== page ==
Peru and Chile
Q&A

Ex-Peru president Kuczynski: 'This international environment will make things more difficult for the region'

Bnamericas Published: Monday, September 05, 2022
Ex-Peru president Kuczynski: 'This international environment will make things more difficult for the region'

A former Wall Street banker, Pedro Pablo Kuczynski governed Peru from 2016 to 2018, when he resigned before an impeachment vote amid accusations of receiving illegal payments by construction giant Odebrecht, a charge that he has denied while the legal case remains unresolved.   

Today the man known as PPK is retired from politics but has strong opinions about Peru’s current President Pedro Castillo, Chile’s attempt at a new constitution, the role of the State in the economy and corruption.

(Editor's note: The interview was conducted before Chile’s referendum in which voters rejected the proposed text for a new constitution.)

BNamericas: What do you think about the constitutional proposal for Chile and the changes that mining in Chile has been experiencing?

Kuczynski: I am somewhat skeptical of the kind of proposals with which Mr. [President] Boric came to the presidency and on which the constituent assembly was elected. I hope the proposal will be rejected, although similar initiatives will continue to appear. Nor do I see the creation of a national lithium company as operational. Chile was the country that grew the most in Latin America in the last 25-30 years and even inspired reforms in other countries. Now Chile is getting off track a bit and we don't know what will happen. But I’m confident that Chile will come out ahead.

BNamericas: And what prospects do you see for Latin America?  

Kuczynski: It's complicated. In Argentina inflation is out of control and in Colombia anti-mining policies have appeared. China, which has been the engine of exports from Chile and Peru, is now slowing down. Copper will continue to be at a good price due to the electrification of global economies, but the stratospheric prices of a year ago are gone. That's where lithium appears in the case of Chile and zinc in Peru, but both also depend a lot on China. Europe is going into a withering recession. This international environment will make things more difficult for the region.

BNamericas: What do you think about the State having a greater role in mining, as well as in other industrial sectors?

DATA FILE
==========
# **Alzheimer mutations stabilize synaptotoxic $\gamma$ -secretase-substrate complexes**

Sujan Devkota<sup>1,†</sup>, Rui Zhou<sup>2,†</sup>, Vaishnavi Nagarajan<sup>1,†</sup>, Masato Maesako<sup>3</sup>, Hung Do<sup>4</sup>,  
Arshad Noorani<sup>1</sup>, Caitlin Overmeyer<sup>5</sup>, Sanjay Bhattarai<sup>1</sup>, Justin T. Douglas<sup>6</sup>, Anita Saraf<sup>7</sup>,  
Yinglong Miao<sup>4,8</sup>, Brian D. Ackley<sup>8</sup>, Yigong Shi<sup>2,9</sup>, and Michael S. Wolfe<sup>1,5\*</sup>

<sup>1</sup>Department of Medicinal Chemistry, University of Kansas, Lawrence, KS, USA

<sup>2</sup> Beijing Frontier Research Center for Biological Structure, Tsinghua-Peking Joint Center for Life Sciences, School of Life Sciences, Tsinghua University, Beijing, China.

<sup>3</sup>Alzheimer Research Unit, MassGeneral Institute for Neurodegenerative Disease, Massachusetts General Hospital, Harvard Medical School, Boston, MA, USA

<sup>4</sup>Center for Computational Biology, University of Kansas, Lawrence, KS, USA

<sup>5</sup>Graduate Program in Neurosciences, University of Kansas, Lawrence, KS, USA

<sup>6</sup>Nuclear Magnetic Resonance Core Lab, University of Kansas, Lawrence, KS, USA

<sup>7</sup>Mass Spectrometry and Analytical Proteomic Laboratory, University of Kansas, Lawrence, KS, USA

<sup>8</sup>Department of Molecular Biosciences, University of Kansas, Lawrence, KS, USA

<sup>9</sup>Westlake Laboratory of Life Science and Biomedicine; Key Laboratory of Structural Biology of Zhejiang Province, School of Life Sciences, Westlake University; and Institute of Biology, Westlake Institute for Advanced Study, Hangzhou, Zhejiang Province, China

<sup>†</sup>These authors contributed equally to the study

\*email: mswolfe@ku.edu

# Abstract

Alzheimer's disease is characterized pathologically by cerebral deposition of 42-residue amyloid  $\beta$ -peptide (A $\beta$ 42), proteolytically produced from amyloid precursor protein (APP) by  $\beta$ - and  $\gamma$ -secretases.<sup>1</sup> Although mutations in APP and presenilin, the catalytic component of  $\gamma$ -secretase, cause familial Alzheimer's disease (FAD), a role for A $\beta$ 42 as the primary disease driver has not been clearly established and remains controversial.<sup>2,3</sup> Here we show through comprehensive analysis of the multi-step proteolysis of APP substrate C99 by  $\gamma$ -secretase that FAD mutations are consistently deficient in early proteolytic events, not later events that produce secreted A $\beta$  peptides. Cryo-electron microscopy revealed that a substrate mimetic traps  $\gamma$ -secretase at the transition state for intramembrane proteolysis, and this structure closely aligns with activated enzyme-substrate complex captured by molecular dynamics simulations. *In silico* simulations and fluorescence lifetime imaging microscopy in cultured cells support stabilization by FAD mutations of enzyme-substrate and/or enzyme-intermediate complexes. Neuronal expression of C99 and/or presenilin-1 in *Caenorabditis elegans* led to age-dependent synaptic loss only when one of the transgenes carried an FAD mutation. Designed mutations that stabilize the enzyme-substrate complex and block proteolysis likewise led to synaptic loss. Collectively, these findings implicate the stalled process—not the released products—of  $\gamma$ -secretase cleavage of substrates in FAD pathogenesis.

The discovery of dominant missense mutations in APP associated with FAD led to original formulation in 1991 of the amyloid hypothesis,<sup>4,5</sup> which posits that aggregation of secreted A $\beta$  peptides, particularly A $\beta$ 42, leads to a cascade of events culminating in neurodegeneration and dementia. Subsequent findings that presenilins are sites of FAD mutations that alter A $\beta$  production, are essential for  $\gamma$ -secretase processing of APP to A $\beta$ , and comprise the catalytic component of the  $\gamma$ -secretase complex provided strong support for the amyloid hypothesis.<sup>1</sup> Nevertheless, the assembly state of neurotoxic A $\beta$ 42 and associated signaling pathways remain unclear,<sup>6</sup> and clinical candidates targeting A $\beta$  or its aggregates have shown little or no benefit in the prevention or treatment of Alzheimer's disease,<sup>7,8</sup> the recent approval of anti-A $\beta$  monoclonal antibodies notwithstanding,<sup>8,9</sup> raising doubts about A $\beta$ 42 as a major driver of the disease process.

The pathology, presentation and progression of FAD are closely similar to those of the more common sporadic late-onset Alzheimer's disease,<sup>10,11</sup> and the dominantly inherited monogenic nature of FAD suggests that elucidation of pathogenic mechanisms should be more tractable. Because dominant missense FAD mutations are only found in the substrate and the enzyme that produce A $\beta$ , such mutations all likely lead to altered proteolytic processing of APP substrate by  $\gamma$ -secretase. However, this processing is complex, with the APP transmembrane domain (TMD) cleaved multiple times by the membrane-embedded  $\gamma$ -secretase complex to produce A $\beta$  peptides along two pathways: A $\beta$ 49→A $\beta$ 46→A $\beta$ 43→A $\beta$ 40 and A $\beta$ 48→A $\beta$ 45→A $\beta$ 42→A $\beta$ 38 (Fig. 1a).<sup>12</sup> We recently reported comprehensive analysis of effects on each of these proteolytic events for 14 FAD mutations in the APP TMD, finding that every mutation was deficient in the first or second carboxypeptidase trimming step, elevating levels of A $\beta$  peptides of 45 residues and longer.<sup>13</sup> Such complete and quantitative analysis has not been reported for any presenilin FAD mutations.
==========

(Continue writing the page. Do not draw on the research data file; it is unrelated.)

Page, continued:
Kuczynski: The State should create a favorable environment for citizens in the areas of education, health and security. Commercial activities, such as agriculture and mining, should not be coordinated by the State. This has been demonstrated for decades in Latin America, especially after the debt crisis we had 40 years ago. The ‘80s was a decade of adjustments due, precisely, to the excess of state-owned companies.

When I was president of Peru, it was difficult to privatize drinking water because no commercial company wanted to provide services in the poorest areas of the country. So I had to keep water in the hands of the State. Currently, most electricity operations, such as hydroelectric plants or gas-fired combined cycle plants, are private. But some state generators and distributors have remained that I created when I was minister of energy and mines. Nationalizing basic services is not a good idea, with few exceptions.

BNamericas: How have international events such as the pandemic, Russia’s war in Ukraine or the slowdown in the Chinese economy impacted things?

Kuczynski: The economic situation here is difficult but not catastrophic. COVID-19 hit us hard because the government did not know how to handle it well. Close to 2mn people were left unemployed. Things have now recovered, but the government is not interested in investing. There are many projects that don’t advance. As a result, Peru will grow at 2-3% when it could be growing at double that. Exports have risen thanks to decisions that were adopted years ago. From next year, there’s no clarity about where we will go. Peru is a financially solid country with many projects. Only with a change of government could these objectives be taken up again.

BNamericas: Regarding Peru's mining sector, some mines and projects have faced blockades. How do you see the sector?

Kuczynski: We have had more conflicts this year. We had a prime minister [Mirtha Vásquez] who was an anti-mining activist. This provoked attacks on some mines, generating a crisis of mistrust. But it's over. Today we have large mines, such as Antamina owned by BHP, Mitsubishi and Glencore, which do not have social problems, but rather an active program. Freeport McMoRan's Cerro Verde is also good. Southern Peru [Southern Copper] has had several conflicts, but my impression is that it’s overcoming them. Las Bambas is in a unique situation promoted by people who have personal interests and use the surrounding population to create demands. Then we have Quellaveco of Anglo American which has just started and has gone to great lengths to avoid any problems.

Mining problems are largely due to water, because the mines are in Andean areas where reservoirs are a problem. Southern Peru has a very good project, Tía María, where the use of water generated great opposition, but the company changed its project and will start operating with desalinated seawater. The problems are resolved, but a government that understands the importance of mining is needed.